Local activist and retired tradeswoman Molly Martin is back on the podcast with a story that starts during her revolution-minded college years in Washington state and takes us through the middle of the AIDS crisis in 1980s San Francisco. Molly is pictured above, back row, far right, in the fabulous crop top circa 1973.
She says this group, which called itself the Rosa Luxemburg Collective, is making a sign for No Way LPMA (the League for the Promotion of Militant Atheism). Larry, the central character in her intersectional story, is in the middle, hand outstretched. Here’s Molly:
DJ Steve Fabus has been called “one of the founding fathers of San Francisco’s gay disco scene,” and we were lucky enough to welcome him recently into our podcast studio. In today’s San Francisco Diaries episode, he shares a story many of us have heard or seen secondhand but was 100-percent real life for him. He moved to the city as a young gay man in the 1970s. At the time, he said he and his friends felt there was “power in numbers” as the gay movement gained momentum…to say nothing about “this amazing party going on,” he recalls.
Fabus has enjoyed a long career that spans from the disco era to today. He started DJing parties at his own flat, just around the block from Harvey Milk’s camera store. Harvey Milk, disco legend Sylvester, and other counterculture luminaries like Peter Berlin, the Fabulous Cockettes, and Pristine Condition became regulars at his events.
As Fabus found popularity and success spinning at venues like the Trocadero Transfer and I-Beam, the AIDS crisis also started to affect many people around him. In today’s episode, he describes the evening he found himself in the DJ booth providing the soundtrack to Sylvester’s farewell party.
On Instagram, rider @trasteverekev spotted the newest banned activity on BART: cross country skiing. I think we can agree that might be a bad idea on a moving vehicle. With no snow. Nice job hacking the sign, whoever this guerrilla graphic artist may be!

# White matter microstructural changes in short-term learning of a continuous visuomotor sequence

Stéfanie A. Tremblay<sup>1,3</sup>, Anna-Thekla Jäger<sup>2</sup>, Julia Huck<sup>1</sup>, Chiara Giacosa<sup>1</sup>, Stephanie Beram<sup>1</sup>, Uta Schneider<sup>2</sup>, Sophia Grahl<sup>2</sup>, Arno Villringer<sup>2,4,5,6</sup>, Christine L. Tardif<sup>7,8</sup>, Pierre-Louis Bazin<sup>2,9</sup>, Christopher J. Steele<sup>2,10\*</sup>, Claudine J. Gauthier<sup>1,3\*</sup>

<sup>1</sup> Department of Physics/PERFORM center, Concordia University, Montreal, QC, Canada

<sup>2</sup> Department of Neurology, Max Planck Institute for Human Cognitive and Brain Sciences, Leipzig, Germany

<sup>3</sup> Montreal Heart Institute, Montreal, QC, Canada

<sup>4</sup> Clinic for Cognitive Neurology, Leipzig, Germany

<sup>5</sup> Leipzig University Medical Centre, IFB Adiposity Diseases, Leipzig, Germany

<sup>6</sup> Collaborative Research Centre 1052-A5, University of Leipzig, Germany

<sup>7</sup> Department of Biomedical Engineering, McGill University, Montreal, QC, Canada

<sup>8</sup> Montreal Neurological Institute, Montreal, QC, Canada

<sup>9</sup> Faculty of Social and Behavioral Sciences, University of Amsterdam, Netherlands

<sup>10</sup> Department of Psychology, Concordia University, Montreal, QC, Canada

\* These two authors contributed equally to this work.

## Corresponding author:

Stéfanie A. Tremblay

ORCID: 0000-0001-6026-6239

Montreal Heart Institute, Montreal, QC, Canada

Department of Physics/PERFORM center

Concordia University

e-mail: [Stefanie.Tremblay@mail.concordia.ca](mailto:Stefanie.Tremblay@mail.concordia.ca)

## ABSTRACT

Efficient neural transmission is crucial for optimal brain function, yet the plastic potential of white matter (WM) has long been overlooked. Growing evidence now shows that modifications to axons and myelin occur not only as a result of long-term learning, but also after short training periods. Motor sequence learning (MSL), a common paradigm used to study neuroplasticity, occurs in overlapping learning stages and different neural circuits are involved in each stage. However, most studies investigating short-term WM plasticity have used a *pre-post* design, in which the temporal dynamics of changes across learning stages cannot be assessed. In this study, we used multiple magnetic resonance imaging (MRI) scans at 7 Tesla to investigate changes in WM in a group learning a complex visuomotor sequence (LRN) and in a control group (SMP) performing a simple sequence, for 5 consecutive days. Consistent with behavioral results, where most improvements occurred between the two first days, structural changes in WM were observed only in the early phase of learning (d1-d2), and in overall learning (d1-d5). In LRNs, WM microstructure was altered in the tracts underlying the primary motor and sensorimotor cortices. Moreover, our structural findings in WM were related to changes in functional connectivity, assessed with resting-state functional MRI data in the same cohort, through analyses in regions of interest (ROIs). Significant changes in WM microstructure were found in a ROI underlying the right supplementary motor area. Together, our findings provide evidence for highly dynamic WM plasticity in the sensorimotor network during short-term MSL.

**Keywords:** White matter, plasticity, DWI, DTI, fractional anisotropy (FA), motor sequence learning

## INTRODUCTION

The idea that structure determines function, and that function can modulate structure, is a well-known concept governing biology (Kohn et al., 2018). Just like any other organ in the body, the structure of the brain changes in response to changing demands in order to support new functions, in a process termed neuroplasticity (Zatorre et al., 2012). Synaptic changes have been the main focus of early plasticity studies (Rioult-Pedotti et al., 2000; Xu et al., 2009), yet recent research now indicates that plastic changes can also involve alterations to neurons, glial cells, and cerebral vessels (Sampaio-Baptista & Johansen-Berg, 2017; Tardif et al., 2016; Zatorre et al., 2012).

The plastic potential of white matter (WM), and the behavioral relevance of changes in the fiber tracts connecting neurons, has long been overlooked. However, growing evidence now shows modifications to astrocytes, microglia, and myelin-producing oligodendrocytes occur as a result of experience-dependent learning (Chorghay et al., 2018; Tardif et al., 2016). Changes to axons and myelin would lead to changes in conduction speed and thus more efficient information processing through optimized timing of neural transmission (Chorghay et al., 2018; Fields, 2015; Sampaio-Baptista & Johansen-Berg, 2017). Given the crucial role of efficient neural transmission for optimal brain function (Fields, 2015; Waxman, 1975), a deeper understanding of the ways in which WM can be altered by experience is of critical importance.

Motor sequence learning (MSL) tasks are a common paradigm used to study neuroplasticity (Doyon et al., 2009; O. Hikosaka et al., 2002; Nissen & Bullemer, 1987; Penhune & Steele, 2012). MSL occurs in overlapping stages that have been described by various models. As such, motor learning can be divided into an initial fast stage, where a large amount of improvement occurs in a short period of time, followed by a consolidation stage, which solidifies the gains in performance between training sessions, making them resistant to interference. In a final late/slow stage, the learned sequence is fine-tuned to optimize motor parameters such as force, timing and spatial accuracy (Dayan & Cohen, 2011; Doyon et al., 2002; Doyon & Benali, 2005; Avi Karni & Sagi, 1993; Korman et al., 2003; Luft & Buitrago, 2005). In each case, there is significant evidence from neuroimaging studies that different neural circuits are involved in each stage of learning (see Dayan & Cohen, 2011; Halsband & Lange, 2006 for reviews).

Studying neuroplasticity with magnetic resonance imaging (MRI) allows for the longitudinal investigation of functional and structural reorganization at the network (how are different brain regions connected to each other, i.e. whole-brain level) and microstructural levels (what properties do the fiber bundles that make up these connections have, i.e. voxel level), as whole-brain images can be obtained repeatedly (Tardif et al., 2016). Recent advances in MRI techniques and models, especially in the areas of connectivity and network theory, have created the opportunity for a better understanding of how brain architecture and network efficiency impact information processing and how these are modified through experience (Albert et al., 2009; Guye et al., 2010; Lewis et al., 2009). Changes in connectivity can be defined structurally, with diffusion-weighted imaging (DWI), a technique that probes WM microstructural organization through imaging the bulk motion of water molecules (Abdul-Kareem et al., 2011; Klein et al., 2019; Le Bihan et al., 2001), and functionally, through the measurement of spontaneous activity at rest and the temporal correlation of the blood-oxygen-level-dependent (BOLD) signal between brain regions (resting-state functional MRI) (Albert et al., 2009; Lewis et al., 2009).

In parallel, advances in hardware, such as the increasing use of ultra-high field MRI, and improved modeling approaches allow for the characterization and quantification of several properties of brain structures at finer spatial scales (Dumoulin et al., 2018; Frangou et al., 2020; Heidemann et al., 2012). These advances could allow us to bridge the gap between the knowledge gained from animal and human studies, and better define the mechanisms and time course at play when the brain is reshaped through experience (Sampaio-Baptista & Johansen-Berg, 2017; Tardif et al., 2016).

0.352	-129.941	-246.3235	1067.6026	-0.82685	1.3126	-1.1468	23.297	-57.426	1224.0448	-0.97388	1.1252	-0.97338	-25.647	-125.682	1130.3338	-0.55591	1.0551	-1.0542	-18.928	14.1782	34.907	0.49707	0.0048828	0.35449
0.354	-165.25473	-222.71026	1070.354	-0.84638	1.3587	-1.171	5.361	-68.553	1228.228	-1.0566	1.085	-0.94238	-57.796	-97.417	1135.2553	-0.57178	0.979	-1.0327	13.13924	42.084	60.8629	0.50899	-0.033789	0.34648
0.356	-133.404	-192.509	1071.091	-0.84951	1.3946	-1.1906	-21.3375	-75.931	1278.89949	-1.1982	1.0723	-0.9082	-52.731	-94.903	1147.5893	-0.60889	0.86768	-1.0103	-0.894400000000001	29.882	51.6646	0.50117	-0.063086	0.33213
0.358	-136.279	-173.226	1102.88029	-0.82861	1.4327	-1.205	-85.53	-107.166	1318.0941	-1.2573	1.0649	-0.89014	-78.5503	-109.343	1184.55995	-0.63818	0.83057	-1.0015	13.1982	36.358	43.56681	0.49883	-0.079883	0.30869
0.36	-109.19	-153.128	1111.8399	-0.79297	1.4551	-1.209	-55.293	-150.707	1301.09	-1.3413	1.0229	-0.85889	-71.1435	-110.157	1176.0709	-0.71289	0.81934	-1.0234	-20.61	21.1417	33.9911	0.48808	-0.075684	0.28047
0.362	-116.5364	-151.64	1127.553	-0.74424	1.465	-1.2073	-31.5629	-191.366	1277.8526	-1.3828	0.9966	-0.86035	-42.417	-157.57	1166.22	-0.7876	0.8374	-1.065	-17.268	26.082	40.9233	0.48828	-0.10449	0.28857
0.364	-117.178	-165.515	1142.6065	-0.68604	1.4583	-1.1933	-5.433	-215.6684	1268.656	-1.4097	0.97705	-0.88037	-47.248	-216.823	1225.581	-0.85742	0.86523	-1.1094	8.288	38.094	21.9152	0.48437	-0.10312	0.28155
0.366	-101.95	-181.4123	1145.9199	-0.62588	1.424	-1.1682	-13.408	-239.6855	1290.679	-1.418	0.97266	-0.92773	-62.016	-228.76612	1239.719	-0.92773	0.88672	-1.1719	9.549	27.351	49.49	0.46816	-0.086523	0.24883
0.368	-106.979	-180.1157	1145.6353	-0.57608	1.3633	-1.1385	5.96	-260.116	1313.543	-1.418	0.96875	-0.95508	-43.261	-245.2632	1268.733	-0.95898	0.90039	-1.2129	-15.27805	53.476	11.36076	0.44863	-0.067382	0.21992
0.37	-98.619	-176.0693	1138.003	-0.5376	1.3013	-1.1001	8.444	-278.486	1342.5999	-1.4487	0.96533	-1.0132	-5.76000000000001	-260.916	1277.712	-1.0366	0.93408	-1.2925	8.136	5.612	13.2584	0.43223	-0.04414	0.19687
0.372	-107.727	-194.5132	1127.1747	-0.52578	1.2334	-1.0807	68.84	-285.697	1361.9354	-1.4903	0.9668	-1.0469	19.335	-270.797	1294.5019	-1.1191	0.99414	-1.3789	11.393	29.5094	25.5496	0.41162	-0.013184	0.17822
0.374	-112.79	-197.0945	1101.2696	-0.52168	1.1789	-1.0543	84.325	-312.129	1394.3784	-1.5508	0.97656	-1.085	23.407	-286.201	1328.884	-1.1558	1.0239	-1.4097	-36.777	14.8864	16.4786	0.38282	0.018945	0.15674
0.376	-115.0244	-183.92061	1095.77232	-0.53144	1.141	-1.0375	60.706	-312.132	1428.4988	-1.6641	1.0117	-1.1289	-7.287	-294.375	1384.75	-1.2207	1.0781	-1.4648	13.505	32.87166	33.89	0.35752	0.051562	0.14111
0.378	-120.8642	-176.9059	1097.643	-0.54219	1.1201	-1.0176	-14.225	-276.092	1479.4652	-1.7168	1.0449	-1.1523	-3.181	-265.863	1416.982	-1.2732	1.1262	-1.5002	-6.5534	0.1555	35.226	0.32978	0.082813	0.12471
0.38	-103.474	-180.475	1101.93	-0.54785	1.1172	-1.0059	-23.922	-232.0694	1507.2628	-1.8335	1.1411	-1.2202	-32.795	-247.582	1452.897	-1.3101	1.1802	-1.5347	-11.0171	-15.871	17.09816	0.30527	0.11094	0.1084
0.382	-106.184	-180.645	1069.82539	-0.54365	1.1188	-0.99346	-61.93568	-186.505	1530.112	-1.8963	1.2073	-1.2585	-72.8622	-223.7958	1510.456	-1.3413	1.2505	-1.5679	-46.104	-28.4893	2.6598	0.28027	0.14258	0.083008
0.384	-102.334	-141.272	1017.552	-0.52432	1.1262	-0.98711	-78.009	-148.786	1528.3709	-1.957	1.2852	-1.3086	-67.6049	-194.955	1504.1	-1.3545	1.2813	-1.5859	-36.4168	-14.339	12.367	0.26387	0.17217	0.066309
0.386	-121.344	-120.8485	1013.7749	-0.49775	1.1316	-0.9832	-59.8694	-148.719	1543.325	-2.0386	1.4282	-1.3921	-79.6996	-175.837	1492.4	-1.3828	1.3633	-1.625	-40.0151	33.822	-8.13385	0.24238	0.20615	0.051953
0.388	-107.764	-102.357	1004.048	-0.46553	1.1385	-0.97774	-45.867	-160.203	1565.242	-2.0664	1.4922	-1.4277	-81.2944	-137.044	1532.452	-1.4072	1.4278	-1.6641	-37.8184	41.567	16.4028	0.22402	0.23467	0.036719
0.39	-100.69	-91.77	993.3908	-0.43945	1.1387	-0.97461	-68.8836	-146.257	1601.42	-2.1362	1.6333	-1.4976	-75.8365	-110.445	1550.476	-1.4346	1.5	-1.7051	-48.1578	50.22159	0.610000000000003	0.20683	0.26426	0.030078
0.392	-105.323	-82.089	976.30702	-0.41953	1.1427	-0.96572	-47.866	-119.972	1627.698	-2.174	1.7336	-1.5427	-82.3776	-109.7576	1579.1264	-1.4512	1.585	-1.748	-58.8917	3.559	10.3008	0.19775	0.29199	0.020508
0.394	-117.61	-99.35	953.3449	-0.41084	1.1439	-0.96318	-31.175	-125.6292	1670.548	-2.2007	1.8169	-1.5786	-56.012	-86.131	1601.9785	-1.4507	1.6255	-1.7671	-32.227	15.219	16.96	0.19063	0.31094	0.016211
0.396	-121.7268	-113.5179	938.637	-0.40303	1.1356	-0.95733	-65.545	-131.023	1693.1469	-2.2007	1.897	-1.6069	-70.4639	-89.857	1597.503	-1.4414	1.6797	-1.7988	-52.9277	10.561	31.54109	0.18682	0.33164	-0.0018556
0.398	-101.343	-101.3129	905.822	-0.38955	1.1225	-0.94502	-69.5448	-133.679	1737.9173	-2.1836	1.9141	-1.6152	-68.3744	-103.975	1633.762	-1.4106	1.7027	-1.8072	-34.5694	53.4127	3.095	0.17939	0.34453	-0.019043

Got more important transit news? We want to hear all about it! Seize the day and add your commute story to Muni Diaries! Tag us on Facebook, Twitter, Instagram, or email us at firstname.lastname@example.org. Oh, and our live show is back on Nov. 2! Hear true and hilarious Muni tales (with or without cross country skiing). Tickets for Muni Diaries Live is on sale now.
When you see something you really want on Craigslist but you don’t have a moving truck, do you look at your Clipper Card and think, I can do this? We know at least one person did, and we have the footage to prove it. Rider @captum.cdxv tipped us off to this video of an ambitious mover who somehow hauled a giant dresser on this Muni train. Things went a bit dicey when he tried to exit at Civic Center station, though.
The dresser was so tall that it was stuck at the train door. Apparently, for 20 to 30 minutes, more and more SFMTA station agents arrived to figure out what to do. Presumably somebody finally yelled, “Pivot!” and the dresser was out the door at last.
Did you know Muni Diaries is also a podcast? We are doing a live recording of our podcast next Thursday, Oct. 3, at the Betabrand Podcast Theater! The theme is “Hidden San Francisco,” and our special guests, Carolyn Eidson and Kristine Poggioli, are the first known people to have walked San Francisco’s scenic 49 Miles route. Tickets are only $5 and comes with free wine. See you there!
If you have other important rider news to report, we want to hear all about it! Seize the day and add your commute story to Muni Diaries! Tag us on Facebook, Twitter, Instagram, or email us at email@example.com.
Rider Michael Z. cuts and polishes stones for a hobby. Since the stones are super heavy, he decided to go multi-modal this day, jumping from his bike to a Muni bus. The journey didn’t go exactly as planned. In his own words:
Rush hour traffic on the #7 to the upper Haight: